A third line of evidence for the former presence of water on Mars came from the discovery of "blueberries," round mineral grains embedded in outcrops of Martian rocks. (Actually, these mineral deposits are only about the size of BB's and are gray, not blue.) At first, scientists thought the spherules might have been once-molten droplets of rock sent aloft by ancient volcanic eruptions or meteor impacts. Had that been the case, though, the droplets would occupy distinct layers within the rock and would have deformed the layers around them, like peas in a pile of mattresses.
Instead, Opportunity found the blueberries scattered indiscriminately throughout the rock layers. This suggests they were created not by an ancient volcano or a meteor impact, but from the gradually concretion of minerals within once-wet sediments. While examining the light spectra from a rock outcrop dotted with blueberries, Opportunity detected the presence of an iron-bearing mineral called gray hematite; on Earth, hematite containing crystalline grains of the size found in the Martian blueberries typically forms in the presence of water.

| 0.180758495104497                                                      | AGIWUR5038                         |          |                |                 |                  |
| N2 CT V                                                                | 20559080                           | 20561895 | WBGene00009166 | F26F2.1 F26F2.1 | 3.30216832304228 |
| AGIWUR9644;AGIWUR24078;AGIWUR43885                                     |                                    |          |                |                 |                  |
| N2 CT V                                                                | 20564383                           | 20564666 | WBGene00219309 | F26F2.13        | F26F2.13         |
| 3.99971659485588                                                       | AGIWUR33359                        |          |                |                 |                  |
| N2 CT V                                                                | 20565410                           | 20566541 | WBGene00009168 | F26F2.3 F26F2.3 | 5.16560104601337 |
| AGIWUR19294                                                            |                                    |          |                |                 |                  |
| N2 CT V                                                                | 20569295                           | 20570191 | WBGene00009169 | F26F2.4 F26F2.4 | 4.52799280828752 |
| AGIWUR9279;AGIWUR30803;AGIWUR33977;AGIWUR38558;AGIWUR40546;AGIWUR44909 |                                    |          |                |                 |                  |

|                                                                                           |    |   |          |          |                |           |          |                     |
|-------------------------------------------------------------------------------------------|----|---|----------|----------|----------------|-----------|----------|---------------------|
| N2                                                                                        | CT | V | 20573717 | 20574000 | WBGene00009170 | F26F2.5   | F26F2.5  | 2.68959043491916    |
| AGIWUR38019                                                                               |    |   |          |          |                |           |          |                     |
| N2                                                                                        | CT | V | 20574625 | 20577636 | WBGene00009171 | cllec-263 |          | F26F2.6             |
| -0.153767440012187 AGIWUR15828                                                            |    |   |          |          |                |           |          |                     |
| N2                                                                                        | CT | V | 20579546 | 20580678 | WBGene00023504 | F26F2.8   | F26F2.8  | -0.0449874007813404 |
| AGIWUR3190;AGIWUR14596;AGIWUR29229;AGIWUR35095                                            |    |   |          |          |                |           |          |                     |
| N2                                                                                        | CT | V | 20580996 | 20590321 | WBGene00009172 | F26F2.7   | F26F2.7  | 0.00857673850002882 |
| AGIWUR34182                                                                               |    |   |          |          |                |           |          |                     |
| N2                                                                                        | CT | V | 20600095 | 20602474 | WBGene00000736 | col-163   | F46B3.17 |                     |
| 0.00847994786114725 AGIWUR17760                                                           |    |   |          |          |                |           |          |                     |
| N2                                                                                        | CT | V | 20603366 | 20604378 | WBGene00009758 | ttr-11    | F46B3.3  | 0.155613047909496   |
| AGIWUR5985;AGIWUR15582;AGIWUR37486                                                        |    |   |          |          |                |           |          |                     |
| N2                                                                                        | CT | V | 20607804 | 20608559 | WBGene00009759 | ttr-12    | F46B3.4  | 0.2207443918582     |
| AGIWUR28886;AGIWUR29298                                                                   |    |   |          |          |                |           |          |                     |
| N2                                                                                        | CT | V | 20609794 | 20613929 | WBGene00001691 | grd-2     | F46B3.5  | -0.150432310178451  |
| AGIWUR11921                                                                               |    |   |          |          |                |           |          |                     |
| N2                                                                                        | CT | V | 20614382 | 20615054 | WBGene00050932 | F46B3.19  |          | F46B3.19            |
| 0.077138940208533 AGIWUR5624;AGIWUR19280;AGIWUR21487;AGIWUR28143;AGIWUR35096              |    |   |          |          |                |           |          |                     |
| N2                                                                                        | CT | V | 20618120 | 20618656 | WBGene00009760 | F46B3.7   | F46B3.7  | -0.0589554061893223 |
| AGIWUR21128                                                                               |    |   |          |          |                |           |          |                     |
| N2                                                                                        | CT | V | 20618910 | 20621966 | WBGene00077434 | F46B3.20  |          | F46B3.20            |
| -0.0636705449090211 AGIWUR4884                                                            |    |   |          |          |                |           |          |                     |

All of this evidence combined to indicate that Mars-or at least that particular region of Mars-had been soaked with water at some point in geologic history. This news alone is enough to bolster hopes of one day finding some sign of past lifemost likely fossils of microbeson Mars. "We know that wherever there is water on Earth, almost invariably there's some kind of microbial life," says Denton Ebel, a geoscientist at the American Museum of Natural History. "We suspect that there may once have been life on the planet Mars-but we don't know yet. So the mantra is, 'Follow the water.'"